Mazda MX-5 GT4 Review

$194,000 Mrlp
  • Fuel Economy
    8.1L
  • Engine Power
    118kW
  • CO2 Emissions
    192g
  • ANCAP Rating
    4Stars

A 1000kg Mazda MX-5 with 239kW... what\'s not to like?

We've driven a Mazda MX-5 than can crack zero to 100km/h in 3 seconds! And, they'’ll sell you one…

It has double the power and more than double the fun of a regular Mazda MX-5. This is the Mazda MX-5 GT4, a specially-built trim of the iconic roadster designed to tackle the big guns of European GT4 Series.

The racing version of the world famous rear-wheel-drive sportscar is powered by a turbocharged version of its 2.0-litre four-cylinder engine, and is tuned specifically for continental GT and GT4 championships, which means it’s been developed to race around tracks including the Nurburgring, Germany, and the legendary Spa circuit in Belgium.

Power? 239kW – more than double that of a regular MX-5’s 118kW.

The engine has been through the hoops at Mountune in the UK, who’ve worked on esteemed projects including Ford World Rally Cars, Formula 2 and British Touring Cars, so they know their stuff. The turbocharged engine is teamed with a six-speed paddle-shifted sequential gearbox, a racing clutch and adjustable traction control, with stronger AP Racing brakes pulling the Mazda MX-5 GT4 up.

Built in partnership with Jota Sport, based in Kent, England, the MX-5 GT4 has lightweight carbonfibre doors, front splitter and rear diffuser, as well as a carbonfibre rear wing. The glass windows have been replaced with weight-saving Polycarbonate, while inside there’s a carbonfibre dash.

The overall weight of the GT4 is a mere 1000kg – some 175kg less than a road-going Mazda MX-5 automatic. So there’s more than double the power and considerably less weight, resulting in that sensational 0-100km/h time.

Climb around the GT4’s FIA roll-cage and, for a guest driver, there’s a fixed driver’s seat. It’s perfect for regular steerers, Owen Mildenhall and Mark Ticehurst, but of course buyers will be able to set their own perfect position.

The stripped-out interior sees a simple dash and a steering wheel with a plethora of buttons: this is a proper ground-up racecar build.

There’s no key, but an array of buttons for all sorts, including engine mapping to adjust things like the turbo’s boost levels. There are three pedals, but paddle shifters on the small-diameter steering wheel for the six-speed sequential Hewland gearbox: the clutch is needed to get the MX-5 GT4 off from a standstill, but then it’s paddles and pedals only. And boy is it a cracker!

If you love regular MX-5s for their balance and poise, the GT4 is like a rocketship with poise and grace. The engine sounds brilliant, with a meaty note and burbly off-throttle character, but mash the loud pedal and it shoves you back in the race seat. You’ll find yourself needing the next gear sooner than you thought, but when you grab the paddle shift, it instantly fires off a gear with a bang and a shove in the back that feels like a gun being fired.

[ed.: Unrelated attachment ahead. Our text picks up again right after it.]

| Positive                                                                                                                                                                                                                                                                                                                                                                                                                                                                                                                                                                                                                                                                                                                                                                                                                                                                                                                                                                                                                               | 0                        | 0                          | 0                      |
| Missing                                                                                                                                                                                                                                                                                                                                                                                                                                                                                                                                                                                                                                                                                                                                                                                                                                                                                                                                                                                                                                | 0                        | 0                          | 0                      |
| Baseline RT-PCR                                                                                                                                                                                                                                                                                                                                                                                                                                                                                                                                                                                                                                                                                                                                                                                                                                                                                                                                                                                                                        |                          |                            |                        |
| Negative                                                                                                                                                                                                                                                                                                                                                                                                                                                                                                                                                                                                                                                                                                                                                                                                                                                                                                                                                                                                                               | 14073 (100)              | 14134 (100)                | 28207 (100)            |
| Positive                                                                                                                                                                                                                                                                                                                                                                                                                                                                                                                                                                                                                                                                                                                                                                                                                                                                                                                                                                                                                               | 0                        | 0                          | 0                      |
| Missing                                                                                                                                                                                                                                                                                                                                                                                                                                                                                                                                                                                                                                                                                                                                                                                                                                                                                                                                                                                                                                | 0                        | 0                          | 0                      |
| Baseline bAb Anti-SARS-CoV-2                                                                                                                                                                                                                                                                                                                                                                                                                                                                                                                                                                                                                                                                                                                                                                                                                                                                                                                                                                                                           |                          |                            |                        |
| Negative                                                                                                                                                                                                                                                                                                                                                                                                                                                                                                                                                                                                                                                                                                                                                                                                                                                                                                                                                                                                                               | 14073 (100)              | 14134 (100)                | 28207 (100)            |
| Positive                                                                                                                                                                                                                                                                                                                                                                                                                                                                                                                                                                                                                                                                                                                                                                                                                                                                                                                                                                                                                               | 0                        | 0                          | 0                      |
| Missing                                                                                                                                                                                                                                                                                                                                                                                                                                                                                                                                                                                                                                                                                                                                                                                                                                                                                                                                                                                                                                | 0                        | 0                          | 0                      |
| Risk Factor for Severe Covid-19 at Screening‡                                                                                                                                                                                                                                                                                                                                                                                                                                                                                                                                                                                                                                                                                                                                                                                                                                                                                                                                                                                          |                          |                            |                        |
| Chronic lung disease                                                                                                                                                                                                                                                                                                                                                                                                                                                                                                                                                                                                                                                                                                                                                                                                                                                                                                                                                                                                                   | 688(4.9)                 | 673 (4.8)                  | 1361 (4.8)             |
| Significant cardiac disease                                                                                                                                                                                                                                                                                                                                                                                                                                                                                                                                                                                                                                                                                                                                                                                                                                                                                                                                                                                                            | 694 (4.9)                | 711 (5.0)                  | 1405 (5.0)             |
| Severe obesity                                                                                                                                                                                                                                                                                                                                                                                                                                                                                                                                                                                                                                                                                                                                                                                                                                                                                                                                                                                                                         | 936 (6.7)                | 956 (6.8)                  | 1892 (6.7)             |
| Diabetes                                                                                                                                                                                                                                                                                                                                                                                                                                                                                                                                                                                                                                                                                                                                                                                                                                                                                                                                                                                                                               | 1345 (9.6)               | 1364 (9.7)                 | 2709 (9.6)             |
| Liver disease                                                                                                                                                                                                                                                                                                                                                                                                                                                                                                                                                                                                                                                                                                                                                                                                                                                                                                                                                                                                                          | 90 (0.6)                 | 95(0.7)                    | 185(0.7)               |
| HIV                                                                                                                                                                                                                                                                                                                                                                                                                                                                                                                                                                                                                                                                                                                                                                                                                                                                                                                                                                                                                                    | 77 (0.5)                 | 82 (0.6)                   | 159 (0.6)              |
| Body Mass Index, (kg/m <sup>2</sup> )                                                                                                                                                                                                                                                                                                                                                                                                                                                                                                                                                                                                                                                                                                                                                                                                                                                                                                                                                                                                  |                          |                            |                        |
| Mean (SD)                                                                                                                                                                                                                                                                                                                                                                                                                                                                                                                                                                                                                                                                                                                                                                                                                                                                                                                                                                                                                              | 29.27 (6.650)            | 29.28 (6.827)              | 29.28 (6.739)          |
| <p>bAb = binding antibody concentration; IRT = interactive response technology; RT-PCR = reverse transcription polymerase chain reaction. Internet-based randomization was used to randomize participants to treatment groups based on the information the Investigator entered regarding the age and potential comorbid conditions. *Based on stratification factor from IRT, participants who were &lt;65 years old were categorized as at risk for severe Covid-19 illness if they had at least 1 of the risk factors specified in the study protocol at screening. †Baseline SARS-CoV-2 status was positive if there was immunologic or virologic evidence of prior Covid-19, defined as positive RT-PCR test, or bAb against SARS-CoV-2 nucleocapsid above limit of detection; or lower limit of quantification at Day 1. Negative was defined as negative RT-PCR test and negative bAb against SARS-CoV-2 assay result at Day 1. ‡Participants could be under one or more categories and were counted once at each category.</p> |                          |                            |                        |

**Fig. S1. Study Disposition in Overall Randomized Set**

On Donington Park’s fast, flowing circuit, there’s so much grip from the 17-inch slick tyres, and the smaller wheel means it’s actually easier to be smooth and progressive into the track’s intriguing late- and blind-apex corners, and it’s remarkably easy to drive.

It’s super stiff, with Ohlins adjustable shocks reducing body roll to virtually nil, with only a little dive or squat.

The accelerator and brake pedals are close together, so you can trail-brake into corner with your left foot before getting it on the throttle early to hear that chunky engine note push the tiny MX-5 onwards.

You find yourself exploiting that grip: turning in harder, with more speed as you brake later and later. There’s adjustable traction control, but the MX-5 GT4 will still power oversteer if you step on the loud pedal too early out of a corner.

The AP Racing brakes are good for a few laps, but it’s one area where Mildenhall says the car can improve over a full race distance.

“Bigger brakes – but for that we need bigger wheels. That’s the next step. We’re experimenting with different pad compounds, but the wheels would give it more grip. Because we have narrower tyres than the Ginettas and Lotuses, we need the mechanical grip. If we stiffen it up more, which we’d like to do, we’ll lose mechanical grip, as the car will skip over bumps. So larger wheels would give us the traction and allow the larger brakes.”

Yet it’s not doing too badly as it is. In its first race at the Nurburgring, the MX-5 GT4 finished fourth and fifth in its class. Since then, Owen and Mark have scored two podiums and have broken the class domination of Ginetta and Lotus, no less. Impressive stuff.

If you fancy this yourself, Mazda and Jota will build you an MX-5 GT4 for £125,000 ($194,000) and while it’s been tearing up tracks in the British series, it’s eligible for GT4 series all over the world.

Of course, it’s not road registerable, even in the UK, and Mazda Australia has no plans to ship any here, but the Aussie arm has a strong history of racing involvement so never say never.